Try out the eBPF tech preview


Big picture

Install Calico and enable the tech preview of the new eBPF dataplane.

Warning! eBPF mode is a tech preview and should not be used in production clusters. It has had very limited testing and it will contain bugs such as dropping packets or slowing down responses (please report these on the Calico Users slack or Github). In addition, it does not support all the features of Calico and it is missing some security features (for example anti-spoofing protection).


The new eBPF dataplane mode has several advantages over standard linux networking pipeline mode:

  • It scales to higher throughput.
  • It uses less CPU per GBit.
  • It has native support for Kubernetes services (without needing kube-proxy) that:

    • Reduces first packet latency for packets to services.
    • Preserves external client source IP addresses all the way to the pod.
    • Supports DSR (Direct Server Return) for more efficient service routing.
    • Uses less CPU than kube-proxy to keep the dataplane in sync.

Trying out the tech preview will give you a taste of these benefits and an opportunity to give feedback to the Calico team.

To learn more and see performance metrics from our test environment, see the blog, Introducing the Calico eBPF dataplane.


This how-to guide uses the following Calico features:

  • calico/node
  • eBPF dataplane



eBPF (or “extended Berkeley Packet Filter”), is a technology that allows you to write mini programs that can be attached to various low-level hooks in the Linux kernel, for a wide variety of uses including networking, security, and tracing. You’ll see a lot of non-networking projects leveraging eBPF, but for Calico our focus is on networking, and in particular, pushing the networking capabilities of the latest Linux kernels to the limit.

eBPF mode manifest

To make it easier to try out the tech preview, we have created a custom Kubernetes manifest (.yaml file) with eBPF mode pre-enabled.

Before you begin…

In the tech preview release, eBPF mode has the following pre-requisites:

  • A v5.3+ Linux kernel, for the tech preview release, we have limited our testing to Ubuntu 19.10 so we strongly recommend that you start with that too.
  • An underlying network that doesn’t require Calico to use an overlay. The instructions below guide you through setting up a cluster in a single AWS subnet; an alternative would be to set up your cluster on-prem with a routed network topology.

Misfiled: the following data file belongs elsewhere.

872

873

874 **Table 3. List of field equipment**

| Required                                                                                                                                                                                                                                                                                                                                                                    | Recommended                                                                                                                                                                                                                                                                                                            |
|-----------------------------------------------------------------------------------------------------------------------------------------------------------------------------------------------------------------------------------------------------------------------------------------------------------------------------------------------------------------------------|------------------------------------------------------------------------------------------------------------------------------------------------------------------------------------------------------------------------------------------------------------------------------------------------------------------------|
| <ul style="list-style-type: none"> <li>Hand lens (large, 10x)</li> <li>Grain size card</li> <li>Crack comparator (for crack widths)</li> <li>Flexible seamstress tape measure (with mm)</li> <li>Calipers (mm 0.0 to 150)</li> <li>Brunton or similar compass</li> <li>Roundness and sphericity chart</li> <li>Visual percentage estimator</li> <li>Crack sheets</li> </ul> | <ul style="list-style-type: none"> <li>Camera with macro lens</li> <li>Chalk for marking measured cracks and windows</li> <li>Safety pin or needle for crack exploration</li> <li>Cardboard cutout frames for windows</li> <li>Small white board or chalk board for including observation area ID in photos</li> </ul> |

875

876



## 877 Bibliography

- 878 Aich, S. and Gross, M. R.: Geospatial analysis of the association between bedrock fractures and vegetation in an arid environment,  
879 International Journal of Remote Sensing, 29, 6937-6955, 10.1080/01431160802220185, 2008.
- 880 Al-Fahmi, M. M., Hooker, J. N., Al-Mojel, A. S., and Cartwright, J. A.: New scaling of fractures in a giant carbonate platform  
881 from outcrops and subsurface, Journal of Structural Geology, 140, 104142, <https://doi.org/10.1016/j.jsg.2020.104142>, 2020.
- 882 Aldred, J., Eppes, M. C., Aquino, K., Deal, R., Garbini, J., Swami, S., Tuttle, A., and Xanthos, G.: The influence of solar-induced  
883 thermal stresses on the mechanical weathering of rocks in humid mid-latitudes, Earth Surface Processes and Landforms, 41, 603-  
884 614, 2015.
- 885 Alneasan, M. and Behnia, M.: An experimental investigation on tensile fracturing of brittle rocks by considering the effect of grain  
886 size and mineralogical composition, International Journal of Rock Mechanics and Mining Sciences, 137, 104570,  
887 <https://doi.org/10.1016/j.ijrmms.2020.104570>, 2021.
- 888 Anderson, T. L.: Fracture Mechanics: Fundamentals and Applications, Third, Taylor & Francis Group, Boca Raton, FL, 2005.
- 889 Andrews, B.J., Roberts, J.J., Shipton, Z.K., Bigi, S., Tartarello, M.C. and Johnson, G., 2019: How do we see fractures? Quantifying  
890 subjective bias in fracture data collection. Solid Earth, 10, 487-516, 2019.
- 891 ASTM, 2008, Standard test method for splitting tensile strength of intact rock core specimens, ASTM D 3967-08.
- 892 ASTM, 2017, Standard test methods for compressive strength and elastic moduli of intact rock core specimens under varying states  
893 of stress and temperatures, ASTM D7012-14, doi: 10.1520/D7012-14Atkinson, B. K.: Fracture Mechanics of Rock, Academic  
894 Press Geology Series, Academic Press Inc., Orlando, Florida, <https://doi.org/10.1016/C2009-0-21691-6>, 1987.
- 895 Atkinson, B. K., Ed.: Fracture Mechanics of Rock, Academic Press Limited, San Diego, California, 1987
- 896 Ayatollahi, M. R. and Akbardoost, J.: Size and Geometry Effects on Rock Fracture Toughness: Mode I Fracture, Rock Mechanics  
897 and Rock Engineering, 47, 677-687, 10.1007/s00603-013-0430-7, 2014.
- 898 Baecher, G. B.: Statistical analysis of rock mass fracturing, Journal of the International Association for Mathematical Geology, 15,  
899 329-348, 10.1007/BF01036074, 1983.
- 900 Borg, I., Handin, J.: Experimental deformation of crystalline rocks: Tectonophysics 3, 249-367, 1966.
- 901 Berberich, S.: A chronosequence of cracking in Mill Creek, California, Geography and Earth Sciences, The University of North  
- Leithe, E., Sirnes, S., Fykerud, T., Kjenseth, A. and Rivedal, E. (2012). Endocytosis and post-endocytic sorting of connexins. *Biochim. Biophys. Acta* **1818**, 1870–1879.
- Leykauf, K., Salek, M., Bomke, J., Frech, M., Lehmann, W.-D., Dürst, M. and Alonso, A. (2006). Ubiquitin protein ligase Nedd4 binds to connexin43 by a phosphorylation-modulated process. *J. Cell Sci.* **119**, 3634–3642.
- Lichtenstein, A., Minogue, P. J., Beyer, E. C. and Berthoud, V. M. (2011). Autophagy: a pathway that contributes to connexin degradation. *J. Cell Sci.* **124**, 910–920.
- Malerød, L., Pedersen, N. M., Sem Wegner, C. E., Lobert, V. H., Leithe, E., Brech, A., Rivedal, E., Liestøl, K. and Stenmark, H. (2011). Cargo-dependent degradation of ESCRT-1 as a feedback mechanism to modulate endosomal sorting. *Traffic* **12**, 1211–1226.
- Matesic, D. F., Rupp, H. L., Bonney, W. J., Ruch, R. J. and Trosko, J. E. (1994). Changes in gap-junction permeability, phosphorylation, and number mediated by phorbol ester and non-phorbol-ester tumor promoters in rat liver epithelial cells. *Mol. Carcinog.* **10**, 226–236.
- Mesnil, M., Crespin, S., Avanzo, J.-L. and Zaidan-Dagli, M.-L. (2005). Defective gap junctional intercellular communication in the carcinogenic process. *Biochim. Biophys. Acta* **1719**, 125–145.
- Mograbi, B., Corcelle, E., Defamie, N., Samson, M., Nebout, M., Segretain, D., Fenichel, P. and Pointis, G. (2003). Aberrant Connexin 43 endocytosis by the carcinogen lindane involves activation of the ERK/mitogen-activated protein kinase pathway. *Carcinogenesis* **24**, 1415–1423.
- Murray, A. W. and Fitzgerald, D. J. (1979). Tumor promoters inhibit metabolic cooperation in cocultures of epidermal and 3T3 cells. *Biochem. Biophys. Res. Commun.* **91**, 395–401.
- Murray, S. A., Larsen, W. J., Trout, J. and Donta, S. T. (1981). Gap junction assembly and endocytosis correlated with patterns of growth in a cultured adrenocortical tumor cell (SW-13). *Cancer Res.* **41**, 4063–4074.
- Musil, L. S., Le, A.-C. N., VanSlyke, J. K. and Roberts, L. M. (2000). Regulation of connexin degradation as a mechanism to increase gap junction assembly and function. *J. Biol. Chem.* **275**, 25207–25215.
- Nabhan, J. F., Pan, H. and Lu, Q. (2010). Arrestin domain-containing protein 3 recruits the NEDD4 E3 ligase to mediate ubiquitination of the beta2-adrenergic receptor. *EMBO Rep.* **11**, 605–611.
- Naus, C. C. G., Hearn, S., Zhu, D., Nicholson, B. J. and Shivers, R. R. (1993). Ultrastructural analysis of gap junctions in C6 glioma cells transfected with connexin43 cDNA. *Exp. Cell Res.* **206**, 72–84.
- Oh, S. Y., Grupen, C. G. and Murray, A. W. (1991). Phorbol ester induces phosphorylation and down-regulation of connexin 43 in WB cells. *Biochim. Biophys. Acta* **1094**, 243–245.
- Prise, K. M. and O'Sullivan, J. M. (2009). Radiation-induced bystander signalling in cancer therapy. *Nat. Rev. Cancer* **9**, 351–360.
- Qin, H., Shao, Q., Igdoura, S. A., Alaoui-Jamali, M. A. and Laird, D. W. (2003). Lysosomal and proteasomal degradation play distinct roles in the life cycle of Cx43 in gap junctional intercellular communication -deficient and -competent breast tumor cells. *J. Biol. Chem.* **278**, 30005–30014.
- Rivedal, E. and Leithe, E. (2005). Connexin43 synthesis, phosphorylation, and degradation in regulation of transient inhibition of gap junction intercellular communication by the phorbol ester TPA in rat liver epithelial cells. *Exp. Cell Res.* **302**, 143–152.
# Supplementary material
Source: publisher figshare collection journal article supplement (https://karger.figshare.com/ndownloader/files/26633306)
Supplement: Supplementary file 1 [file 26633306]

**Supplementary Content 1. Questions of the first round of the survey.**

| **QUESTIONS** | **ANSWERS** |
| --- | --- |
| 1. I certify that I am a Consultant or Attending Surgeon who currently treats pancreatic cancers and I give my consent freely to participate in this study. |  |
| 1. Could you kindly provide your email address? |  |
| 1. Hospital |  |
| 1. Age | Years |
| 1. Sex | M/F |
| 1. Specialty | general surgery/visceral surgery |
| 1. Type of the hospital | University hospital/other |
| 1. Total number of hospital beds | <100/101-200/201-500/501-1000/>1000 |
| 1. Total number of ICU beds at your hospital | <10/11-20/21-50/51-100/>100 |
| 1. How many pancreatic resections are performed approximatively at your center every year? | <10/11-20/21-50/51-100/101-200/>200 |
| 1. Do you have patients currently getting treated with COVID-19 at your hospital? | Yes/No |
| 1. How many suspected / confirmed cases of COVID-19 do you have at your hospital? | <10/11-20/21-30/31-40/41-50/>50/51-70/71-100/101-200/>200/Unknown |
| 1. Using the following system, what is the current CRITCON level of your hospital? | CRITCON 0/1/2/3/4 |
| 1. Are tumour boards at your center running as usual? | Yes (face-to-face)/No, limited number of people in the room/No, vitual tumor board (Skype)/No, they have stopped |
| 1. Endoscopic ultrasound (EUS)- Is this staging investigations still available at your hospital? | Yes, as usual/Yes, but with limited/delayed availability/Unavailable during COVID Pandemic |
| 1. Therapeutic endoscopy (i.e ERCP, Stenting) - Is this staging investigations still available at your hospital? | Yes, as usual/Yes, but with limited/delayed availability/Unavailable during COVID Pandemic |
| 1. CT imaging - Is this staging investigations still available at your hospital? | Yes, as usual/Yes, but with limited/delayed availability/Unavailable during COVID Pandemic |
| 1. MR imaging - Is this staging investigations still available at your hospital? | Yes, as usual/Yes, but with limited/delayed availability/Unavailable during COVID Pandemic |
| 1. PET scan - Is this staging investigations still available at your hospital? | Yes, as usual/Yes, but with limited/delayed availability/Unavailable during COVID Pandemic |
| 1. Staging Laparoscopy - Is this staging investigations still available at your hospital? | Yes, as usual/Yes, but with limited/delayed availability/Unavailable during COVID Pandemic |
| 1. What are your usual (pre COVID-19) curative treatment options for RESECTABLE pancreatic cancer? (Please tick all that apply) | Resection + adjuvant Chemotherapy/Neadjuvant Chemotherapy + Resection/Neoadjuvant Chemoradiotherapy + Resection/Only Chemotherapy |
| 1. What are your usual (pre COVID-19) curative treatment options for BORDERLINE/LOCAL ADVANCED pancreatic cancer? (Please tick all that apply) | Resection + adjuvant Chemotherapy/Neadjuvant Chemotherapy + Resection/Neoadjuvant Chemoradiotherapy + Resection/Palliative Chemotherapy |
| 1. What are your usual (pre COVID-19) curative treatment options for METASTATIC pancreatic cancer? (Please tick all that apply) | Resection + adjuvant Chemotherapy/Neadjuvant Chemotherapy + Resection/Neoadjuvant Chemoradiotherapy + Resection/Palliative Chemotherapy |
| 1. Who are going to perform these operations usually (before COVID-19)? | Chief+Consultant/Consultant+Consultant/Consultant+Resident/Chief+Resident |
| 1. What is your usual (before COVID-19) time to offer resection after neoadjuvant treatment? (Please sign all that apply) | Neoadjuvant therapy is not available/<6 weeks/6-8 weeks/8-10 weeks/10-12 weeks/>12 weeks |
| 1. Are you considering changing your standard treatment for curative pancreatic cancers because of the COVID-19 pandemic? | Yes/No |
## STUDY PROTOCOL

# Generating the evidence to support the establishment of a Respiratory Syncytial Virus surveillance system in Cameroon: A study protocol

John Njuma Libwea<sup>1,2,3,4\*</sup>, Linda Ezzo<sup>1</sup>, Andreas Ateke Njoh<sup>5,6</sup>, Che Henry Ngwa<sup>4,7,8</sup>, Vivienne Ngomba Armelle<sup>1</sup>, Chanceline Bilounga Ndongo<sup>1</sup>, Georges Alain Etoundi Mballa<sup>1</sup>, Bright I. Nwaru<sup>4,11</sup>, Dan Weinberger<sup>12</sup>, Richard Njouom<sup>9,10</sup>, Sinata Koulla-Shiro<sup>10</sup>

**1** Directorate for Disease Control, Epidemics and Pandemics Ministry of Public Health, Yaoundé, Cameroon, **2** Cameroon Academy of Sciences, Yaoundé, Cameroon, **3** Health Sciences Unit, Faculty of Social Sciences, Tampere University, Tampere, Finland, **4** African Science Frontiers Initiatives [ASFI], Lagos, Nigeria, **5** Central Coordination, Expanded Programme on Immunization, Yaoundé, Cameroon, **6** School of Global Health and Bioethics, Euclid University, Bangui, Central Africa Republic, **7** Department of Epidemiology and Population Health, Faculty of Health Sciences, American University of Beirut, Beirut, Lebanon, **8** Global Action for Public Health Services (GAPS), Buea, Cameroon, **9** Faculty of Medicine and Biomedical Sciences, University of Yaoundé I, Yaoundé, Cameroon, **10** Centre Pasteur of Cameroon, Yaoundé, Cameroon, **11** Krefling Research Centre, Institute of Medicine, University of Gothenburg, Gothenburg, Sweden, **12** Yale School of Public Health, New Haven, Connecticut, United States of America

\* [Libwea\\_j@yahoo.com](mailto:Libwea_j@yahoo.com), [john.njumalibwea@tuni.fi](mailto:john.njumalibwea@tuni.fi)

• The network must be configured to allow VXLAN packets between Calico hosts.
  • Single-homed hosts; eBPF mode currently assumes a single “main” host IP and interface.
  • IPv4 only. The tech preview release does not support IPv6.
  • Kubernetes API Datastore only.
  • Typha is not supported in the tech preview.
  • The base requirements also apply.

How to

Set up a suitable cluster

We recommend using kubeadm to bootstrap a suitable cluster on AWS.

  1. In AWS, create a controller node and at least 2 worker nodes in the same VPC subnet. Use Ubuntu 19.10 as the image.

  2. Important disable the source/destination check on each node’s interface. This is required in order to use non-overlay networking.

    1. Open the Amazon EC2 console and navigate to “Instances”.

    2. Select the instance and choose Actions > Networking > Change Source/Dest. Check.

    3. Verify that source/destination check is disabled. Otherwise, choose Yes, Disable.

  3. On each node, install kubeadm; we recommend using docker as the container runtime in order to match our test environment as closely as possible.

  4. Create the controller node of a new cluster. On the controller VM, execute:

    sudo kubeadm init --pod-network-cidr
  5. To set up kubectl for the ubuntu user, run:

    mkdir -p $HOME/.kube
    sudo cp -i /etc/kubernetes/admin.conf $HOME/.kube/config
    sudo chown $(id -u):$(id -g) $HOME/.kube/config

    The final line of the kubeadm init output contains the command for joining your workers to the controller. Run this on each worker, prepending sudo to run it as root. It will look something like this:

    sudo kubeadm join --token <token> --discovery-token-ca-cert-hash sha256:<hash>
  6. On the controller, verify that all nodes have joined

    kubectl get nodes

    which should output something similar to:

    NAME                                           STATUS      ROLES    AGE   VERSION   NotReady    <none>   86m   v1.17.3    NotReady    <none>   86m   v1.17.3    NotReady    master   88m   v1.17.3   NotReady    <none>   86m   v1.17.3

    The nodes will report NotReady until we complete the installation of Calico below.

Install Calico on nodes

For the tech preview, only the Kubernetes API Datastore is supported. Since Calico replaces kube-proxy in eBPF mode, it requires the IP and port of your API server to be set in its config map.

  1. Download the following Calico install manifest.

    curl -O

    The manifest is configured to: